A curious crocodile, scientists restoring lost balances, a crab fishing in a cave, and a water monitor navigating plastic waste are some of the intriguing winners from this year’s Mangrove Photography Awards
The winners of the Mangrove Photography Awards 2022, run by the Mangrove Action Project, have been announced. Now in its 8th year, more than 2,000 images were submitted from 68 countries, revealing fascinating insights into the world of mangroves, while challenging us to consider both our place in the natural world and our responsibility to protect it.
Tanya Houppermans has been crowned Mangrove Photographer of the Year with her image ‘Guardian of the Mangroves’, showing a close-up portrait of an American crocodile surrounded by mangroves at Jardines de la Reina (Gardens of the Queen) in Cuba.
A total of six categories were available for this year’s contest, including Mangroves and Humans, Mangroves and Landscape, Mangroves and Underwater, Mangroves and Conservation, Mangroves and Wildlife, and Mangroves and Stories (a portfolio category), plus Young Mangrove Photographer of the Year category for photographers under the age of 24.
An international panel of judges including Beverly Joubert, Bertie Gregory, Octavio Aburto, Nadia Aly and Dhritiman Mukherjee – chose the winning entries from a total of 2,188 submissions.
The photos are a compelling reminder of the importance of mangroves for the diversity of life across the world’s coastlines, as photographers captured unique relationships and moments from mangrove ecosystems both above and below the water line.
‘The images from this year captivated our imagination… giving us hope and illuminating a positive future for mangrove ecosystems,’ said judge Octavio Aburto. ‘Today, less than half the world’s original mangrove forest cover remains, and it has never been more important to promote the conservation of these fragile ecosystems.’
‘The Mangrove Photography Awards is bringing a much-needed light onto the conservation of the world’s mangroves.’ said Beverly Joubert.
Winner: Mangrove Photographer of the Year
Guardian of the Mangroves – Tanya Houppermans, Cuba
‘Guardian of the Mangroves’ captures an intimate moment when a curious American crocodile (Crocodylus acutus) swam right up to Tanya Houppermans, and allowed her into its world at Jardines De La Reina (Gardens of the Queen).
Jardines De La Reina is an archipelago off the coast of Cuba, has been strictly protected since 1996, and is one of the most untouched marine ecosystems in the world.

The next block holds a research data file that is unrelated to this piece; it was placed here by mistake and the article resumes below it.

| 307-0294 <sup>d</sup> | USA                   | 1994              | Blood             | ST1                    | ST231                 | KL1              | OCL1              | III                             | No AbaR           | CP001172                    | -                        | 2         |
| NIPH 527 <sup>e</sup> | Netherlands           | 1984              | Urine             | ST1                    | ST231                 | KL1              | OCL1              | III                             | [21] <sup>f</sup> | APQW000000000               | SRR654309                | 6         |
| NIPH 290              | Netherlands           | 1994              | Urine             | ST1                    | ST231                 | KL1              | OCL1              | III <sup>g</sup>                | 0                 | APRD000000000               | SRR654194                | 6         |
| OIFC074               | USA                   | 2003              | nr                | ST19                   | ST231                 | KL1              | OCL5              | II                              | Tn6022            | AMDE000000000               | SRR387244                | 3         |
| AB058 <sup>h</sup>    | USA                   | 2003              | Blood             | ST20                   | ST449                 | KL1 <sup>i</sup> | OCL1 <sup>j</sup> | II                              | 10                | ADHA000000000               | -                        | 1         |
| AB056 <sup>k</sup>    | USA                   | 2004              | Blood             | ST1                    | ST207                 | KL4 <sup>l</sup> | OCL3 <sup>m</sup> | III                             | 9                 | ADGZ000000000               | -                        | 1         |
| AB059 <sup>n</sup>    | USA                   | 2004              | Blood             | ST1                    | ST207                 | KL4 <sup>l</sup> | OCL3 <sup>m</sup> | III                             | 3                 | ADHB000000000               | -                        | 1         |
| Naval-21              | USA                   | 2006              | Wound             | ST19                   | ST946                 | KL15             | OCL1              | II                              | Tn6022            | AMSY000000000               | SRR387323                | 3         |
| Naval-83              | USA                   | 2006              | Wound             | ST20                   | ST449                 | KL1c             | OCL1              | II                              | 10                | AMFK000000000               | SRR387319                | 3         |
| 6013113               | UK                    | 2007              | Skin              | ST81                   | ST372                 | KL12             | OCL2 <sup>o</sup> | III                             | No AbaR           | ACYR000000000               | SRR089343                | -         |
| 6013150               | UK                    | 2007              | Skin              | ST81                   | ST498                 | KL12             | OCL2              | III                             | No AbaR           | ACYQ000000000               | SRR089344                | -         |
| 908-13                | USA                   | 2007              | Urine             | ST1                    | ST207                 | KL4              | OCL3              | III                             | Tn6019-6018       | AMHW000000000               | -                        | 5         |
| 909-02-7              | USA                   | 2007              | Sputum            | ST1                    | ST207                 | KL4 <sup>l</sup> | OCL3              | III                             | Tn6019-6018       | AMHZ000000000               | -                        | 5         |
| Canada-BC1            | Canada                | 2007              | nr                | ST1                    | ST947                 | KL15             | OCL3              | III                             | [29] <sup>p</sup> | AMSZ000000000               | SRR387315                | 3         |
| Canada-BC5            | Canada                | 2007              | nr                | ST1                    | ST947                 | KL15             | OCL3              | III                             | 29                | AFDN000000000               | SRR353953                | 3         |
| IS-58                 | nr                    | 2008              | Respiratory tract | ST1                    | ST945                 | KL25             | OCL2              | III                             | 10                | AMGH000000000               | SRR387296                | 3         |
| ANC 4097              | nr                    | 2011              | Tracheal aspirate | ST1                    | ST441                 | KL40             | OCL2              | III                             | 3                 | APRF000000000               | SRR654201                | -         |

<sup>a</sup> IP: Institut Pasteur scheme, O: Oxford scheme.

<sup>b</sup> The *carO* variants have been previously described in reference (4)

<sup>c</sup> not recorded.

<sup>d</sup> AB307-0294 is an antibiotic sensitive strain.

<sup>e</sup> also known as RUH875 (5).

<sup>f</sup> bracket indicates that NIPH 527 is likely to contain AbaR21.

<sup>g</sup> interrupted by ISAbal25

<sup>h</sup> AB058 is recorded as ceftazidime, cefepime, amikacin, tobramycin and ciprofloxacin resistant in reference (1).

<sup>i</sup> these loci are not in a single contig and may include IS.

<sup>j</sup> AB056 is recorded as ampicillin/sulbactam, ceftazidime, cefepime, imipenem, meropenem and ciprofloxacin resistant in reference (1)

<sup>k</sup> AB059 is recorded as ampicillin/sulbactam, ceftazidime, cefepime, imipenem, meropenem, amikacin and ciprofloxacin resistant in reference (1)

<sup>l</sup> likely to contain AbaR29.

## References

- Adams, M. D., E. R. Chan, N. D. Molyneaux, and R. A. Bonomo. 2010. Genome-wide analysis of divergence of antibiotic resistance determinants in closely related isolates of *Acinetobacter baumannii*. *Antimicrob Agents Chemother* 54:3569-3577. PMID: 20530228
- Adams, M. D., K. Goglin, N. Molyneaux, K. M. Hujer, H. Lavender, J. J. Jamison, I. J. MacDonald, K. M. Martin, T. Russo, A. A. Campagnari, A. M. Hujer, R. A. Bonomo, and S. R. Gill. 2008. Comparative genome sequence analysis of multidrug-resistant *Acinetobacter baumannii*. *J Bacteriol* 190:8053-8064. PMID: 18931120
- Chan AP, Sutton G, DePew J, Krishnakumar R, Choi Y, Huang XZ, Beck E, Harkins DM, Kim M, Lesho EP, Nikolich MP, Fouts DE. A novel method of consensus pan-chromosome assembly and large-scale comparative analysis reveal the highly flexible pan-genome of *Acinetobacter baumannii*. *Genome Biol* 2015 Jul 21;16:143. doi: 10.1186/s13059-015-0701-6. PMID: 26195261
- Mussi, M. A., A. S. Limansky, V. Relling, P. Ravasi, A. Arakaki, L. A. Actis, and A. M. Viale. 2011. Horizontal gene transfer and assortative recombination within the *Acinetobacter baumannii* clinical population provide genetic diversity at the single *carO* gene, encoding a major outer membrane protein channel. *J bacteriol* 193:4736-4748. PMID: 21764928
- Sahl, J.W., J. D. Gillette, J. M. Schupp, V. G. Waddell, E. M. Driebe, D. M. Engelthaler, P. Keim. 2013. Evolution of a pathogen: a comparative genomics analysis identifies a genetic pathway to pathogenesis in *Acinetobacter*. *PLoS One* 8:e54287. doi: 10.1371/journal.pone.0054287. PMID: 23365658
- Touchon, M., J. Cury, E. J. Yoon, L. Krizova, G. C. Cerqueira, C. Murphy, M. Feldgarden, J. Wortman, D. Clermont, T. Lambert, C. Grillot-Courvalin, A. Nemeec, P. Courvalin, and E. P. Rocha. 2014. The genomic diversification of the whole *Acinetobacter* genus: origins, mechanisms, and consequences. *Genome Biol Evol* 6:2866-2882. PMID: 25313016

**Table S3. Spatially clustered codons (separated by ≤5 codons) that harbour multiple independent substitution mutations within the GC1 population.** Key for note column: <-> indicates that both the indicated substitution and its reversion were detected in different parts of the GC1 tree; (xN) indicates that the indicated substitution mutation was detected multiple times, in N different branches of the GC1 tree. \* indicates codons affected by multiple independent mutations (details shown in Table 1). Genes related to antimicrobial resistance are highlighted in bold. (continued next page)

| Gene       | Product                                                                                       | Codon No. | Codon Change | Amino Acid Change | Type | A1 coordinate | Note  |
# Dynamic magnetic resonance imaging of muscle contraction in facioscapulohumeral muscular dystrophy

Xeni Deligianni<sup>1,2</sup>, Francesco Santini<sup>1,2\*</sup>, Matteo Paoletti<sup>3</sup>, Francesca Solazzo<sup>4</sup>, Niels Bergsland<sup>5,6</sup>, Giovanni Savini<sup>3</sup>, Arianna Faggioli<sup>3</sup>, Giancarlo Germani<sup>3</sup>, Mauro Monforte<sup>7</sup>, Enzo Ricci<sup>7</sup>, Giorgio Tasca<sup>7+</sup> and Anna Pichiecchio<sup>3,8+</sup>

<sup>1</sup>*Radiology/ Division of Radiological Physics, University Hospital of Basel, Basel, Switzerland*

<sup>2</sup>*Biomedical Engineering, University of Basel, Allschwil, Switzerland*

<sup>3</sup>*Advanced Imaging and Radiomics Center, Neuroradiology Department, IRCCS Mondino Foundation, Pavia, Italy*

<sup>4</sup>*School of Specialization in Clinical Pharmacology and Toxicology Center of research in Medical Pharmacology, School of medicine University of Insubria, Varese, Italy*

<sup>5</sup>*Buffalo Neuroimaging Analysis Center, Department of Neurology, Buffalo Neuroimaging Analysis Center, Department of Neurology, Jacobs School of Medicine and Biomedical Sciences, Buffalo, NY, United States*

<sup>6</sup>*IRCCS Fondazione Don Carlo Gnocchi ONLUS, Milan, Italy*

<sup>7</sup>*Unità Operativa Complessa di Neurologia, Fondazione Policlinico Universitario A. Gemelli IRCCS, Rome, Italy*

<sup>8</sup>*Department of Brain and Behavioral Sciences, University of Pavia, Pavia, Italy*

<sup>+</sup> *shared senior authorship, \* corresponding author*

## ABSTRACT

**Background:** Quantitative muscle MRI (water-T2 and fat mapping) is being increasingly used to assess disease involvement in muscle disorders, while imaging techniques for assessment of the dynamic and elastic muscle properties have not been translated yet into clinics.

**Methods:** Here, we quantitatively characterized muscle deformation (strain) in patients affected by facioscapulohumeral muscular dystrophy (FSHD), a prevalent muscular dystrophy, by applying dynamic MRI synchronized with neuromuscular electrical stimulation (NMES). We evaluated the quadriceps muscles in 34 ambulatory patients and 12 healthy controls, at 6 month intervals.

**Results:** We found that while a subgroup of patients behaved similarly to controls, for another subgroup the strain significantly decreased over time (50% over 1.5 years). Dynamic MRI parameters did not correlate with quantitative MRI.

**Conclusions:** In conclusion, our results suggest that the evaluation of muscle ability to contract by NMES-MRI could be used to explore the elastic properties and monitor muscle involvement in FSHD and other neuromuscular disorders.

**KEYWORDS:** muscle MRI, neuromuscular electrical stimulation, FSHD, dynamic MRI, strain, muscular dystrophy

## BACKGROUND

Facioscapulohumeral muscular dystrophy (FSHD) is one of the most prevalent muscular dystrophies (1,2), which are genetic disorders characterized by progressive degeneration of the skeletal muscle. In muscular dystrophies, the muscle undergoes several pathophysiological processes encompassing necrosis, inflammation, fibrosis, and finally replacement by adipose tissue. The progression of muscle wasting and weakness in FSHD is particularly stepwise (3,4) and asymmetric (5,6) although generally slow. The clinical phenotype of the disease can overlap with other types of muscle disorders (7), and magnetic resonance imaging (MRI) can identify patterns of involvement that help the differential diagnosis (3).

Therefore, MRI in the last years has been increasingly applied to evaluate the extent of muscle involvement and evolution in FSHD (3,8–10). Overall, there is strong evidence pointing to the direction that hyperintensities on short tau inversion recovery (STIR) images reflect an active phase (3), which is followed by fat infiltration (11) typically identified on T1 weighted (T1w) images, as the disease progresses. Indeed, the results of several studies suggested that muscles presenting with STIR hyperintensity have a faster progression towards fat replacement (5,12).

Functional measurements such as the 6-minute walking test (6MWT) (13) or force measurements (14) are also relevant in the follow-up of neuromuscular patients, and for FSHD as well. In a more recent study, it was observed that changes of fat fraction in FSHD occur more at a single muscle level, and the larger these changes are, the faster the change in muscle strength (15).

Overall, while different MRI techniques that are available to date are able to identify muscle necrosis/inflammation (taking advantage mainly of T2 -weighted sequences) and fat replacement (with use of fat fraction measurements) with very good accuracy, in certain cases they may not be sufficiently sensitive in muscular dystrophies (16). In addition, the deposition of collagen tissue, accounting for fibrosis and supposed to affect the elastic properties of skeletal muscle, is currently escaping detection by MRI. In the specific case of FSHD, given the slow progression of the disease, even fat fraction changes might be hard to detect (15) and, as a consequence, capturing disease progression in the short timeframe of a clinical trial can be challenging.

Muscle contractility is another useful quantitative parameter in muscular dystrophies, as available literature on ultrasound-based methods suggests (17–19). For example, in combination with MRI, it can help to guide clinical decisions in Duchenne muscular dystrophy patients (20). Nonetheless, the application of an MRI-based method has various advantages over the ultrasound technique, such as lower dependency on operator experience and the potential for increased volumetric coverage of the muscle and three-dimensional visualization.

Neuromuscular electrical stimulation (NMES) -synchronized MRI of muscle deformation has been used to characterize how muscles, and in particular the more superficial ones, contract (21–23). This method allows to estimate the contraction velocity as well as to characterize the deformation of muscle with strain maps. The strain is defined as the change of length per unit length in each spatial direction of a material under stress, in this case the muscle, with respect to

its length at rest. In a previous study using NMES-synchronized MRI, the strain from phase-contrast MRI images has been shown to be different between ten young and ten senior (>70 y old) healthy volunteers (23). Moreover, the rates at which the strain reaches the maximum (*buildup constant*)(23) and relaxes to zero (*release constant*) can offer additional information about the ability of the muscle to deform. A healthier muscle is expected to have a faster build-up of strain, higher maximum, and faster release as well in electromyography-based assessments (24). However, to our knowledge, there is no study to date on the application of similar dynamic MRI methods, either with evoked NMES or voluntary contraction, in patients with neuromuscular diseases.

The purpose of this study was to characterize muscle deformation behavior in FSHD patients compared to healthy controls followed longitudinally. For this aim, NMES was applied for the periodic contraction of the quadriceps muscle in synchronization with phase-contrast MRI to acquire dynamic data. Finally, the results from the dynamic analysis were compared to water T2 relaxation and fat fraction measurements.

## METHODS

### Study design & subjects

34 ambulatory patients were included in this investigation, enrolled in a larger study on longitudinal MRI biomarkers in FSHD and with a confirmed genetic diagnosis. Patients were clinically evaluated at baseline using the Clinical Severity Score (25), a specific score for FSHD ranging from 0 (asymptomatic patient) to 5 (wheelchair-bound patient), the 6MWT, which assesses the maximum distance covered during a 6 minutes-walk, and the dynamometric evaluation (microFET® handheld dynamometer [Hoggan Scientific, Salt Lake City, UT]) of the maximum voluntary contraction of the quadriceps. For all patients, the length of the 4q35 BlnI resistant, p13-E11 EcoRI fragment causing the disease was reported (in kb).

‘The healthy population of American crocodiles is down to the pristine condition of the mangroves and I wanted to capture close-ups of this gentle giant in its natural habitat. I hope this image can illustrate that protecting areas like this is so critical.’
Winner: Young Mangrove Photographer of the Year
Healthy Ecosystem – Fakhrizal Setiawan, Indonesia
Symbiotic links between coastal ecosystems, ‘college students from North Sulawesi undertake a zonation exercise, discovering the close relationships between mangroves, coral reefs and seagrasses.’
Category winner: Mangroves and Humans
‘Honey Hunters’ – Muhammad Mostafigur Rahman
‘Honey Hunters’ collect wild honey deep in the mangroves of the Sundarbans, the largest mangrove forest in the world. This ancient traditional event takes place every year during March and April, following the raw rhythms of nature.
This extraordinary relationship between the Moulis honey hunters and the mangrove forest is unique and in danger of disappearing. Both recent human development in the area and the climate crisis, in particular the rise in sea levels, are threatening the ecology of the Sundarbans in West Bengal and with it, the way of life of the Moulis people.
Category winner: Mangroves & Landscape
Walakiri Dancing Trees – Loïc Dupuis, Indonesia
The sun rises along the peaceful beaches of East Sumba in Indonesia. ‘I wanted to capture the beauty and fragility of this unique wonder. We need to protect and visit places like this with great care, so future generations can also enjoy them.’
Category winner: Mangroves & Wildlife
Take Off – Jayakumar MN, UAE
A greater flamingo (Phoenicopterus roseus) takes off on a migration journey across Asia, and will most likely return to the same coastal wetlands in the winter months. ‘It was feeding with its head in the water, before flying off into the morning light.’
Category winner: Mangroves & Underwater
Blue Crab – Martin Broen, Mexico
The mysteries of a rarely seen natural environment. A blue crab (Callinectes sapidus) fishing in a unique transition between fresh and saltwater in the Mexican cenotes. ‘During an exploration dive through the dark flooded caves, I came across this proudly standing crab silhouetted against the mangrove roots above.’
Category winner: Mangroves & Conservation
New Normal – Kei Miyamoto, Indonesia
A water monitor lizard (Varanus salvator) struggles along the plastic-filled forest floor foraging for food. ‘More and more plastic fills our mangrove forests and it’s affecting our wildlife that calls it home.’
Category winner: Mangroves & Stories
Mangrove Restoration Project in Bonaire – Lorenzo Mittiga, Netherlands Antilles
‘Local volunteers work hard in the mud trying to re-establish the water flow in the mangrove ecosystem; here by cutting bricks of solidified mud and roots. If hydrology and water circulation become cut off, it becomes a major threat to the habitat.’
For the complete list of winning entries and runners-up, visit the complete gallery on the Mangrove Photography Awards website.